All patients regarded their parents, and, in particular, their mothers, as the key to their record keeping. “All my doctors, the spina bifida clinic, my parents, people of that nature.” Typically, patients disregarded themselves when it came to medical record keeping. They recognized the importance of managing their healthcare information but largely delegated this management function to their parents. “I’ve always thought of my medical records as the engine in my car. I wouldn’t know the first thing about what to do with a car engine and I’ve never looked up my medical records. I just figured they’d be all in medical terms that I wouldn’t know the first thing about.”


Patients and parents did not have a clear conception of how healthcare providers managed their medical records. They presumed that each institution or clinic had developed their own record keeping practices. “I think it is personal style and how their practice is set up.” There was also a general sense that no one healthcare provider harbored a complete history. One mother explained: “I don’t think one institution has a complete idea of what I have been through in my life” She stated also “There are overlaps; I don’t think one place has the whole story.”

Medical records maintained by families were organized chronologically. One mother used her child’s baby book to keep track of major and minor health events: “In the baby book I kept significant information, for instance, if he had surgery and when he vomited after surgery, or how he reacts to medication – those kind of things.” A second family kept a timeline of records in a filing cabinet in their living room. The home nurse kept a binder with dated and timed entries summarizing daily health status and major healthcare events. The sole patient in this study reporting that she maintained her own health record had created a folder to take with her to college. This folder contained sequentially ordered sheets from doctors’ visits, a medication list, and a calendar diary to monitor her headaches.

Memory was considered essential for keeping track of the sequence of healthcare events: “The records you (healthcare providers) have on paper I have in my head. I have jotted notes down that I keep for my own memory but I am a walking sheet of information and if something happens to me, who else is going to know that? And that’s the thing that as parents we all do that. And I think that we forget that some day our kids are going to grow up and they are going to need to know this or that.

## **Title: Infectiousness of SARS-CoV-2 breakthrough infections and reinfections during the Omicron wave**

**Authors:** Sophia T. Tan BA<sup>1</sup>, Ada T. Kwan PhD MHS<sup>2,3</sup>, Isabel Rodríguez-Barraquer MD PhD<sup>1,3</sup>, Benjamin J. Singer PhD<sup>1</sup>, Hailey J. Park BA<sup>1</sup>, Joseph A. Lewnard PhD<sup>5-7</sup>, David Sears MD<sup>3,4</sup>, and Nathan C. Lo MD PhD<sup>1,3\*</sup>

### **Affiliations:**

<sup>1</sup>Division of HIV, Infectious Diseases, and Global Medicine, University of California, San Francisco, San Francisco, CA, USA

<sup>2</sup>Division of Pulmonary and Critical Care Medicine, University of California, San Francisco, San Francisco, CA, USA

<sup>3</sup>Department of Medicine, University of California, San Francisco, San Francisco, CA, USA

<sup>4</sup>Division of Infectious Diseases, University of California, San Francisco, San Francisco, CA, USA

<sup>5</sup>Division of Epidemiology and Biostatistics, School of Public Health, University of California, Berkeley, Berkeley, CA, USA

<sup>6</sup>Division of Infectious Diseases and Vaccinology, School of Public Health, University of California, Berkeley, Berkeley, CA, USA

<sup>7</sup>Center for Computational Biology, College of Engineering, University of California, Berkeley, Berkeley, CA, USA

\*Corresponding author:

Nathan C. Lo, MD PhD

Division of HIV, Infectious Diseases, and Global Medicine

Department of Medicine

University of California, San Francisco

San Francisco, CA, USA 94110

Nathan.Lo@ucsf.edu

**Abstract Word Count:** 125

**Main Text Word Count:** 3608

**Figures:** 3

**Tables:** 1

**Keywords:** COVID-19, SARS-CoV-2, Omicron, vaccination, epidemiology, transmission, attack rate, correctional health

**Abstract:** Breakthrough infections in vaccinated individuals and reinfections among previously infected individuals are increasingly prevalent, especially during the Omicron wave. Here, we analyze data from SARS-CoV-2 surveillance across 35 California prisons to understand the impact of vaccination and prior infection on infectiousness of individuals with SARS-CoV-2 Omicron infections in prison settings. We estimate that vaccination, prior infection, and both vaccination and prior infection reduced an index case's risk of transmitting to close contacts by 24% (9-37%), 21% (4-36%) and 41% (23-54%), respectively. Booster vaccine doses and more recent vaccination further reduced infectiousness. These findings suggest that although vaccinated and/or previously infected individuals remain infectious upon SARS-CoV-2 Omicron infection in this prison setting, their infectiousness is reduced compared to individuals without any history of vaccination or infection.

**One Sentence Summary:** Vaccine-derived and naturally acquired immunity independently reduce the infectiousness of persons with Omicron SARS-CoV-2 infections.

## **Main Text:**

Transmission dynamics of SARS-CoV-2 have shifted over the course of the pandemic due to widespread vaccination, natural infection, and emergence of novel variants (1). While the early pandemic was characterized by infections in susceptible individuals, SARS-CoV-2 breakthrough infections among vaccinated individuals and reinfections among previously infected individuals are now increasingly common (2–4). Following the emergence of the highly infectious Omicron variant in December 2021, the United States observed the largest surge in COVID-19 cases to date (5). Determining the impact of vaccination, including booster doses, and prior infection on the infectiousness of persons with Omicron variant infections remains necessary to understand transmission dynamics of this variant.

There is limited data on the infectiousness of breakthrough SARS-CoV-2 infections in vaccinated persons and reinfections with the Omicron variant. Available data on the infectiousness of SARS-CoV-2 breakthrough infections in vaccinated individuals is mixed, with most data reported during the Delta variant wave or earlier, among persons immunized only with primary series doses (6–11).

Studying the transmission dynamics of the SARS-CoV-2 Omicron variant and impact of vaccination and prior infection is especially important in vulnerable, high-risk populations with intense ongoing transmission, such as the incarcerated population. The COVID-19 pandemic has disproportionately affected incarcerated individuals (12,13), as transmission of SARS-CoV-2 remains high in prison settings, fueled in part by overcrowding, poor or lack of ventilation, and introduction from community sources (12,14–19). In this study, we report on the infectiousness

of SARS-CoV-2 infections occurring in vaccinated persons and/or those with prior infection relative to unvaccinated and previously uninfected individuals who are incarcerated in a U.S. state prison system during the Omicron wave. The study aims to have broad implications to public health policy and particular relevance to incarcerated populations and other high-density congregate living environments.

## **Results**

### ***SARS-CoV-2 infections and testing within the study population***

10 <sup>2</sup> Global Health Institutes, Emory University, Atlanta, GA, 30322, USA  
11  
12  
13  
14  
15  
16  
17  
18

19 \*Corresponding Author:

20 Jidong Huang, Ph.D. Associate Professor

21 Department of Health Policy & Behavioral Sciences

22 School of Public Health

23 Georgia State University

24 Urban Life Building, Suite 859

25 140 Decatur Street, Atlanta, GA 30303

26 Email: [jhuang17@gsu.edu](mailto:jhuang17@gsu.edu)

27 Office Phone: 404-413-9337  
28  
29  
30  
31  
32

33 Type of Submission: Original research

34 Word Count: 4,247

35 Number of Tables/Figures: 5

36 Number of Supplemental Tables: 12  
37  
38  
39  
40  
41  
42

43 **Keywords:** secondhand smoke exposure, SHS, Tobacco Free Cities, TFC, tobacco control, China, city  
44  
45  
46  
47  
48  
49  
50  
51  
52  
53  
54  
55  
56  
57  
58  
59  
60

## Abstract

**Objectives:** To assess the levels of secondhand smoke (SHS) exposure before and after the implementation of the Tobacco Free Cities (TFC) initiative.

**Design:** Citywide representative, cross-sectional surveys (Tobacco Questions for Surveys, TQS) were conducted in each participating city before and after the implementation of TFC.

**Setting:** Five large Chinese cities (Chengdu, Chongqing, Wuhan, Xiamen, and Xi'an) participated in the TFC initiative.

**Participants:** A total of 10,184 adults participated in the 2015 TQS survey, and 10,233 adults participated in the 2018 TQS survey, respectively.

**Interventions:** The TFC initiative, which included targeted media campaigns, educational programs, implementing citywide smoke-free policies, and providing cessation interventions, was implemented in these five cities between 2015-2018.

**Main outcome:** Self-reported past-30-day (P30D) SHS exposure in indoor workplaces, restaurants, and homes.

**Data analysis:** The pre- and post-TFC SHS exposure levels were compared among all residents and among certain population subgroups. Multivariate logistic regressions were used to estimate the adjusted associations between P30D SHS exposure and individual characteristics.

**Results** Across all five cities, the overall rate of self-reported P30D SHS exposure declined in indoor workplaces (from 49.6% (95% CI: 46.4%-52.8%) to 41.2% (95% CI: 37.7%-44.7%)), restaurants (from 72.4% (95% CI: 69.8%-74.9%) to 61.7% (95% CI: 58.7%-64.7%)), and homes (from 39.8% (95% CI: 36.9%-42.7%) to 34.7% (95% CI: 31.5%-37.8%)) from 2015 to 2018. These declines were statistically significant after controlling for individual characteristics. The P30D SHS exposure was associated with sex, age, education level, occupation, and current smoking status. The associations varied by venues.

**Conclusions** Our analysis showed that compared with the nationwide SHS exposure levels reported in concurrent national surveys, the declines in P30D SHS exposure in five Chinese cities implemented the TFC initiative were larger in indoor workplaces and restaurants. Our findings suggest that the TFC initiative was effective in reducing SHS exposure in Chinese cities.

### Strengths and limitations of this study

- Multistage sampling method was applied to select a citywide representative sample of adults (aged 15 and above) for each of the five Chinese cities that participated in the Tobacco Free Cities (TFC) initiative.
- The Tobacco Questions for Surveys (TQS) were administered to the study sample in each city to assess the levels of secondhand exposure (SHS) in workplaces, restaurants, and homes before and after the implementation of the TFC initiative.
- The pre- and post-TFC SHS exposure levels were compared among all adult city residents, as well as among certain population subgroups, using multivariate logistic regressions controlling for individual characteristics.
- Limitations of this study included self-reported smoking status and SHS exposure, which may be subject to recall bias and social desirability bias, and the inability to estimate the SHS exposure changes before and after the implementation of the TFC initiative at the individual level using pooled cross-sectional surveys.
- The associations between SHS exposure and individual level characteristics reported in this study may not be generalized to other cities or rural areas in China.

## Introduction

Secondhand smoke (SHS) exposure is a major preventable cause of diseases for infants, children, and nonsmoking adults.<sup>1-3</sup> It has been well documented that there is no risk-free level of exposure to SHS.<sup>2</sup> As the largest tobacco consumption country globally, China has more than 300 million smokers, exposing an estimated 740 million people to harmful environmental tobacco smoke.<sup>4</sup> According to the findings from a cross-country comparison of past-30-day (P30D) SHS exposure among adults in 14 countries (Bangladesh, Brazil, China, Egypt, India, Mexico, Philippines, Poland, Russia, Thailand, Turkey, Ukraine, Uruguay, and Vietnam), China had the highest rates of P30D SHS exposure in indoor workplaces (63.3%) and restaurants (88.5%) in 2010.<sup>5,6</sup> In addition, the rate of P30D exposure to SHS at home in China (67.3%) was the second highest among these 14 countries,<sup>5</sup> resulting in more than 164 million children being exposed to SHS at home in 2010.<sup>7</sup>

Patients reported that they would remember some of their pertinent healthcare events but not to the same degree as their mothers. One patient explained: “You are expected to know, you are expected to know your allergies and you have had your mother tell the doctor all this. And now your father is saying to you that you should know this. It’s like, wait a minute, when did I get in charge of all this?”

The urge to gather a comprehensive record seems to stem from the parents’ perception that they were the only entity with access to the complete healthcare history. This urge to document their comprehensive knowledge was put in perspective when they considered handing off responsibility to their children. One mother describe how she created a three-ring binder for her child: “We said, ok, it is going to take us awhile to figure out what is what. But, let’s go back and we will do all your medical history, here is where everything started, here’s what you had happen, here’s where we have been, here’s your doctors. Things that work for various systems that you have had problems with, and we went through and we tried this. These are the vendors that we went to, this is where you got your wheelchair and then had that in a three-ring binder.”


Patients and parents reported that standard questions on medical forms failed to capture the complexity of spina bifida care “There is never enough room for our kids there is just never enough room for anything.” Patient and parents all agreed that the information provided from healthcare providers greatly lacked detail and comprehensiveness. The generic information provided in hospital discharge summaries was mentioned several times. “The discharge papers, all they do [is] give you a number to call if something happens and just tell you what to look for if there’s a problem.”